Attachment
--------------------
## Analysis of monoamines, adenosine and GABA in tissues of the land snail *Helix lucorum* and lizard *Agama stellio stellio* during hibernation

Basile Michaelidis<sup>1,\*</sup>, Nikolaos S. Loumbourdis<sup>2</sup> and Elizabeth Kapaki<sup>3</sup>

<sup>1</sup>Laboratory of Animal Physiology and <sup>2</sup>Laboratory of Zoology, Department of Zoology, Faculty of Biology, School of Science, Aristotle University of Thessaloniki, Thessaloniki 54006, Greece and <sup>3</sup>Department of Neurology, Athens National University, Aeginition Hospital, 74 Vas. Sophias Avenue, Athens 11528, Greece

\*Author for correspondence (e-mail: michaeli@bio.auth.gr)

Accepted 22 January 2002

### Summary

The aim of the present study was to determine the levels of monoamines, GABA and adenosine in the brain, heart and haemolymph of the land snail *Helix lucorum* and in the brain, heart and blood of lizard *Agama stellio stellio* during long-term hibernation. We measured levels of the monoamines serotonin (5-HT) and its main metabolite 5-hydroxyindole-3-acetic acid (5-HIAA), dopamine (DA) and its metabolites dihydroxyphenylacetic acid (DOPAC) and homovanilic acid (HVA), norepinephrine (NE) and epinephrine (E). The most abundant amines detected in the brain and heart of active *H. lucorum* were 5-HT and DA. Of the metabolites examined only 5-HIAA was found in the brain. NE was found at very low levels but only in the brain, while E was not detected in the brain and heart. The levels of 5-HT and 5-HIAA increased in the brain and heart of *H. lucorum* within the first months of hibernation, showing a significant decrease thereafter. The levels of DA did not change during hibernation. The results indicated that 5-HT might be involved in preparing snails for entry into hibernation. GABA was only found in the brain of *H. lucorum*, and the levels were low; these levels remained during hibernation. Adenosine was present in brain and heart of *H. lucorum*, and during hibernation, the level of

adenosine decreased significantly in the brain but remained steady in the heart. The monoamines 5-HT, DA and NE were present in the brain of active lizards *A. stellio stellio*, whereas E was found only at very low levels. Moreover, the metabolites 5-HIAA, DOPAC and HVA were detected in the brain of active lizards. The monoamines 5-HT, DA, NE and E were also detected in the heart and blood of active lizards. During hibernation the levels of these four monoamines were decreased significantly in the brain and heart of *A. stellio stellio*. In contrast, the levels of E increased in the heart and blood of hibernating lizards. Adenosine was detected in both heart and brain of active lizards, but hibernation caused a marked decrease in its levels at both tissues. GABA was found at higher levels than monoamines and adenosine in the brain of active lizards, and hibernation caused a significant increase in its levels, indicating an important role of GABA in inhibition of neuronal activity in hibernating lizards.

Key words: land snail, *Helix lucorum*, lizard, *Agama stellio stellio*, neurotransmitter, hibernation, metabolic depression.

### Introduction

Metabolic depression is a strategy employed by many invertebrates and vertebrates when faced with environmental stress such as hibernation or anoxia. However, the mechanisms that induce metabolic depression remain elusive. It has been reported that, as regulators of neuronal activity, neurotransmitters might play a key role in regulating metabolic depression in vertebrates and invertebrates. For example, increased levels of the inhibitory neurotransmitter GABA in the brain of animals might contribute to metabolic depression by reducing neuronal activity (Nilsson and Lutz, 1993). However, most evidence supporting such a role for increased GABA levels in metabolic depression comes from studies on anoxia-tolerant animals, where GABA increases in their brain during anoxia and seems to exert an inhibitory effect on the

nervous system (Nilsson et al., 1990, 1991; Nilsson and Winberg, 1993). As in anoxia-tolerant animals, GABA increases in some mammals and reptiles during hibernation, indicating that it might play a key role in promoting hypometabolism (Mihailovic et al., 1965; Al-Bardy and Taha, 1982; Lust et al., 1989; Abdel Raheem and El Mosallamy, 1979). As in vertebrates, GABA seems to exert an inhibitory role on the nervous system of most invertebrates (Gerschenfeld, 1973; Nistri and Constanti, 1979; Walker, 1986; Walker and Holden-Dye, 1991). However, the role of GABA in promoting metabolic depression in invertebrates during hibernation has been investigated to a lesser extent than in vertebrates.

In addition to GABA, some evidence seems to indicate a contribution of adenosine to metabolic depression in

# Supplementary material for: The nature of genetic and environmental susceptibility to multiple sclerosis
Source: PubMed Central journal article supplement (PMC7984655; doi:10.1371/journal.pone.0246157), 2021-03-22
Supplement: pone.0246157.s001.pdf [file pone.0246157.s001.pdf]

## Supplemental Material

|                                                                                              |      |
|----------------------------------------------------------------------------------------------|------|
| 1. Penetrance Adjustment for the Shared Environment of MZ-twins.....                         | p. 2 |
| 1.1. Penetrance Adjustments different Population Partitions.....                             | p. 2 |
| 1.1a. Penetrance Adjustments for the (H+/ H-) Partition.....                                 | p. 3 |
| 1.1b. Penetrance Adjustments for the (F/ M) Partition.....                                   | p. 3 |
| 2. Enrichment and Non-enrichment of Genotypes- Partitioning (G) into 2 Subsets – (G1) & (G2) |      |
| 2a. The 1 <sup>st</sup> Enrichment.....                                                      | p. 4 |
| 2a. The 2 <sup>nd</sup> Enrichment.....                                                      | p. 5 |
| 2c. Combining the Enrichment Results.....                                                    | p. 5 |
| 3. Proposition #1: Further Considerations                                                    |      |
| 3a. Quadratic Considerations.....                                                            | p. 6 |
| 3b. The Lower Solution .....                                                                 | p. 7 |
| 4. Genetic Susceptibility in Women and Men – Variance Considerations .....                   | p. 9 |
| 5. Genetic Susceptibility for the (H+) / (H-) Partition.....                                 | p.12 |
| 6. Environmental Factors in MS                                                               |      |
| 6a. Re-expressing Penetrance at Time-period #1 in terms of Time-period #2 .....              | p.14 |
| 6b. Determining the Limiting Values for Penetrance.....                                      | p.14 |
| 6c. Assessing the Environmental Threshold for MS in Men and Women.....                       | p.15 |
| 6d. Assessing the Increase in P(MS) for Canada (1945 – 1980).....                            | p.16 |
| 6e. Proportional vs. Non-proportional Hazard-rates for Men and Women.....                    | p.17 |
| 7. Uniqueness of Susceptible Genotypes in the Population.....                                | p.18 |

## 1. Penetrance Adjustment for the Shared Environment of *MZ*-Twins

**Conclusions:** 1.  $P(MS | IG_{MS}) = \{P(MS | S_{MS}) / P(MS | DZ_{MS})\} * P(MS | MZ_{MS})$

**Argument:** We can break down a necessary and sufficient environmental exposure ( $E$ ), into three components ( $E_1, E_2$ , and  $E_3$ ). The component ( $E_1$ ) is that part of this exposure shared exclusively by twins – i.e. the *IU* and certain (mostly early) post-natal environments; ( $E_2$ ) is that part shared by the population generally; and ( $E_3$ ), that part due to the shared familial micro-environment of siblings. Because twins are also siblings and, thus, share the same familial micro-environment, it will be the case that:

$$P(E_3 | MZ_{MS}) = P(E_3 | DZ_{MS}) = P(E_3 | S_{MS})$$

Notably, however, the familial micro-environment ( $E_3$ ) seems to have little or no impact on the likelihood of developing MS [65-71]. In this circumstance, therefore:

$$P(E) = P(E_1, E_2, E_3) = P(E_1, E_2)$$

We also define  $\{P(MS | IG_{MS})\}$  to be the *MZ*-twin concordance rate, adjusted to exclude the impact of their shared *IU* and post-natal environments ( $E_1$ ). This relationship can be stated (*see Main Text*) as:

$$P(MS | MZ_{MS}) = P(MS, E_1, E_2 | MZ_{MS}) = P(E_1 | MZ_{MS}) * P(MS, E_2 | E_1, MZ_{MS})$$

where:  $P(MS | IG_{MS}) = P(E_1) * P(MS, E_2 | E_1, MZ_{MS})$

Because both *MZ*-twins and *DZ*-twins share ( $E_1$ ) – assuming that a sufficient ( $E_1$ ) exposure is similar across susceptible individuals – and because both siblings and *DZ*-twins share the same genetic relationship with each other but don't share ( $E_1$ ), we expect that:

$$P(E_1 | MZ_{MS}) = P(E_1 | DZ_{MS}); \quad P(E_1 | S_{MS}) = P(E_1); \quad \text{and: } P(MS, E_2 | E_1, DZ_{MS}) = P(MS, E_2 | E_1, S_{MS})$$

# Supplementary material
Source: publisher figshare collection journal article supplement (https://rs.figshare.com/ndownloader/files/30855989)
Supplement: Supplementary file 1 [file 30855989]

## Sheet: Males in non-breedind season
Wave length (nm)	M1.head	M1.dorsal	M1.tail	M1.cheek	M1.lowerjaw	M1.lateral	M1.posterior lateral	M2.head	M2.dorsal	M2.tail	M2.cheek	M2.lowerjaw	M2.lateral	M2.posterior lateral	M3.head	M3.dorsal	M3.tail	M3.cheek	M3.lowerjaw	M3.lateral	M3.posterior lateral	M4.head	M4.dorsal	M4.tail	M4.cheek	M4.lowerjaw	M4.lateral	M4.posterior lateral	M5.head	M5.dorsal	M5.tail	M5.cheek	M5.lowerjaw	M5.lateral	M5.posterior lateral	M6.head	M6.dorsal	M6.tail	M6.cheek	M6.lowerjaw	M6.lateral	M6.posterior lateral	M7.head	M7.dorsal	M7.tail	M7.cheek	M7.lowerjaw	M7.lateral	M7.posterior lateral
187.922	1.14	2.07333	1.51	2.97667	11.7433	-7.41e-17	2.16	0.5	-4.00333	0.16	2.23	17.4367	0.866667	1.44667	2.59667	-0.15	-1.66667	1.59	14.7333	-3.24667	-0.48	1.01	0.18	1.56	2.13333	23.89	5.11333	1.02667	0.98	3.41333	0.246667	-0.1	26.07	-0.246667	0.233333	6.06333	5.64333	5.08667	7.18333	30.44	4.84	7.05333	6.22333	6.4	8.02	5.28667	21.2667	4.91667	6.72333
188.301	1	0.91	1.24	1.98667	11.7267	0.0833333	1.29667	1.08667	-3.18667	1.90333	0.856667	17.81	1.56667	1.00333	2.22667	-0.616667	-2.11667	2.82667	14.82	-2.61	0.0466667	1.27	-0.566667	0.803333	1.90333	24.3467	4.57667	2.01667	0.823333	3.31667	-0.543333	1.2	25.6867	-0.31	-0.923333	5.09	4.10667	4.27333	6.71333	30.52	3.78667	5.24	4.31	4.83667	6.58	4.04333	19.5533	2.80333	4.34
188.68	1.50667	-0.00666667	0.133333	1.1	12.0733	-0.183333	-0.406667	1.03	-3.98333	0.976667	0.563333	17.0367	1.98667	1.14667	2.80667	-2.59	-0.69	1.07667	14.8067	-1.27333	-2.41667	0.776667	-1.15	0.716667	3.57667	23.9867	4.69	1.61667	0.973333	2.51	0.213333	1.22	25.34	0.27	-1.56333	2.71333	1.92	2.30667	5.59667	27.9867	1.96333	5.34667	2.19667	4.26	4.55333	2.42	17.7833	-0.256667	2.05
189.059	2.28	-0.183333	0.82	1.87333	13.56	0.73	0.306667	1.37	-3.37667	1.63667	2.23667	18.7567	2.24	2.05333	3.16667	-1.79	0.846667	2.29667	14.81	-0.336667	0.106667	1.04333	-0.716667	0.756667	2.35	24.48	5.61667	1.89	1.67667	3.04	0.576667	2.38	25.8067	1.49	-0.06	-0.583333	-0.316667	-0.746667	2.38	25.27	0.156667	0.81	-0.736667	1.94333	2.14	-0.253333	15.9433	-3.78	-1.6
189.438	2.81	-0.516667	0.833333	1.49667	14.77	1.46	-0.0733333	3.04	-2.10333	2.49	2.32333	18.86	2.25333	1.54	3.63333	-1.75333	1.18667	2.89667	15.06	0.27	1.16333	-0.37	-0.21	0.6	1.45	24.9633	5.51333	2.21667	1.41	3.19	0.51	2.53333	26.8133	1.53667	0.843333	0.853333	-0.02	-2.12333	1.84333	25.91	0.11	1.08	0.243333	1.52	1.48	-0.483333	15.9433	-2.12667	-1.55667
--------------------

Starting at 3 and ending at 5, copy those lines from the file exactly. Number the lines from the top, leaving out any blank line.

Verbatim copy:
<sup>1</sup>Laboratory of Animal Physiology and <sup>2</sup>Laboratory of Zoology, Department of Zoology, Faculty of Biology, School of Science, Aristotle University of Thessaloniki, Thessaloniki 54006, Greece and <sup>3</sup>Department of Neurology, Athens National University, Aeginition Hospital, 74 Vas. Sophias Avenue, Athens 11528, Greece

\*Author for correspondence (e-mail: michaeli@bio.auth.gr)

Accepted 22 January 2002